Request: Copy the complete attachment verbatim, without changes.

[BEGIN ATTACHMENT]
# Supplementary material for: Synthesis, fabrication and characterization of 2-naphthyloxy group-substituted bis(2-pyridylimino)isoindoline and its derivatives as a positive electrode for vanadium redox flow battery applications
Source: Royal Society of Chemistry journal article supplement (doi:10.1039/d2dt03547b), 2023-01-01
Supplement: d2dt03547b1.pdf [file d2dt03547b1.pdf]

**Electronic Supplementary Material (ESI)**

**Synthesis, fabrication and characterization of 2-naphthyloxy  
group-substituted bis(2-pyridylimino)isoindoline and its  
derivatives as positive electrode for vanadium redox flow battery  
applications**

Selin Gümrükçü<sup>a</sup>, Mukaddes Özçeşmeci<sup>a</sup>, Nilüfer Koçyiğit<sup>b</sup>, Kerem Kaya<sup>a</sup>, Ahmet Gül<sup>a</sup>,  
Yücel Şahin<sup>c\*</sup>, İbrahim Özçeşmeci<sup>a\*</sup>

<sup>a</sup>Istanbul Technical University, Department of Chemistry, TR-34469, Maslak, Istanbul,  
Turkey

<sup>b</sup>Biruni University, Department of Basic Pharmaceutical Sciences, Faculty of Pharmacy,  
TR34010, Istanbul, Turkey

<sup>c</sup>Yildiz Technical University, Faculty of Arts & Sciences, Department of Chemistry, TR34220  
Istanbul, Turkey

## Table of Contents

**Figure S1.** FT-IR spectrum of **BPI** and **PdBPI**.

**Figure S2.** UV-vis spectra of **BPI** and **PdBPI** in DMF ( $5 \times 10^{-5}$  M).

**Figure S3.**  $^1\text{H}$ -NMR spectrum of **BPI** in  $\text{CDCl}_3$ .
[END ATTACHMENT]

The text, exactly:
# Supplementary material for: Synthesis, fabrication and characterization of 2-naphthyloxy group-substituted bis(2-pyridylimino)isoindoline and its derivatives as a positive electrode for vanadium redox flow battery applications
Source: Royal Society of Chemistry journal article supplement (doi:10.1039/d2dt03547b), 2023-01-01
Supplement: d2dt03547b1.pdf [file d2dt03547b1.pdf]

**Electronic Supplementary Material (ESI)**

**Synthesis, fabrication and characterization of 2-naphthyloxy  
group-substituted bis(2-pyridylimino)isoindoline and its  
derivatives as positive electrode for vanadium redox flow battery  
applications**

Selin Gümrükçü<sup>a</sup>, Mukaddes Özçeşmeci<sup>a</sup>, Nilüfer Koçyiğit<sup>b</sup>, Kerem Kaya<sup>a</sup>, Ahmet Gül<sup>a</sup>,  
Yücel Şahin<sup>c\*</sup>, İbrahim Özçeşmeci<sup>a\*</sup>

<sup>a</sup>Istanbul Technical University, Department of Chemistry, TR-34469, Maslak, Istanbul,  
Turkey

<sup>b</sup>Biruni University, Department of Basic Pharmaceutical Sciences, Faculty of Pharmacy,  
TR34010, Istanbul, Turkey

<sup>c</sup>Yildiz Technical University, Faculty of Arts & Sciences, Department of Chemistry, TR34220  
Istanbul, Turkey

## Table of Contents

**Figure S1.** FT-IR spectrum of **BPI** and **PdBPI**.

**Figure S2.** UV-vis spectra of **BPI** and **PdBPI** in DMF ( $5 \times 10^{-5}$  M).

**Figure S3.**  $^1\text{H}$ -NMR spectrum of **BPI** in  $\text{CDCl}_3$ .